UGANDA – Why we should prevent unsafe abortion

In July 2018 a woman living in a Kampala suburb hired a 17-year-old maid. She soon noticed the maid tended to sleep a lot and was also using a lot of sanitary towels. A week later, the girl admitted she had abdominal pain, and there was growing evidence that she had intermittent bleeding from her vagina, including episodes of heavy bleeding. The woman made an appointment to take her to a gynaecologist. At first, the girl tried to refuse and said she wanted to go back to her home village, but she looked as if she was becoming dangerously anaemic. She then confessed she was pregnant, by one of her teachers, and that her brother had taken her to a clinic for an abortion. The woman tried to find post-abortion care for her. One clinic refused to treat her because they were Catholic funded. Several private clinics asked for a lot of money. Then they went to a government facility, which provided very good care. The doctor said that had she not been treated quickly, she would have suffered heavy bleeding and sepsis, and might have lost her uterus. Fortunately, she recovered.

A personal experience of unsafe abortion like this one, which opens a news article, is something that is happening more and more in the mainstream online news media in several countries. The journalist is aware of the extent of unsafe abortion in the country and opens with a personal story to illustrate this. The article then often provides data on the extent of unsafe abortion, what is in the law, and how there are serious barriers to safe abortion. The need for change is called for, the article talks about what if anything is being done, and may then either report on a national meeting on the subject or an interview with an advocate for safe abortion. In the article that opens with the above personal story, the person interviewed is Joy Asasira from CEHURD in Kampala, a Campaign member working for reduction of maternal mortality, including from unsafe abortion. The article is sympathetic to women’s situations and needs and talks about what is needed.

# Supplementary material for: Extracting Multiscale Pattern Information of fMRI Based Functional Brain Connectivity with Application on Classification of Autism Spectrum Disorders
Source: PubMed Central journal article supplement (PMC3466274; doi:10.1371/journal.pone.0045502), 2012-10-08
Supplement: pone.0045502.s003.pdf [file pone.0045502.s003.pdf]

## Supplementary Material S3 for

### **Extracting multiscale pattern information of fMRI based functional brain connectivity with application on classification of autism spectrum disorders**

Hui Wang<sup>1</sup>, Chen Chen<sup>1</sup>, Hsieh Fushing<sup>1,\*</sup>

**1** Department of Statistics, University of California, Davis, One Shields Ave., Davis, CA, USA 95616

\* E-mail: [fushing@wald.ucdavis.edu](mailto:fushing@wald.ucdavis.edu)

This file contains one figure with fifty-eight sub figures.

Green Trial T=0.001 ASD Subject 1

A comparable article was recently published in Kenya too. It focuses on the prevalence of teen pregnancies and calls for combined efforts to reduce their numbers. The Kenya Demographic Health Survey 2014 found that the prevalence of teen pregnancy in different parts of the country ranged from 15-33% of all pregnancies. The article reports that rape and incest, inadequate sex education, inaccessible family planning services, poverty, and anti-family planning campaigns by the church have all been blamed. The rest of the article, written with the Network for Adolescent and Youth of Africa, Kenya, is about ways to try and change the situation.

Why are we seeing more stories like this? Part of our coordination work is putting journalists in touch with Campaign members and vice versa, and these contacts provide supportive journalists with information for such articles. New Vision, who published this story, describes itself as Uganda’s leading daily news source. We look forward to sharing these news stories with the whole membership too!

SOURCES: New Vision, by Lillian Namusoke Magezi , 18 March 2019 ; Star Blogs, by Daniel Otieno, 26 March 2019 ; PHOTO: Legal and policy training for police officers in Uganda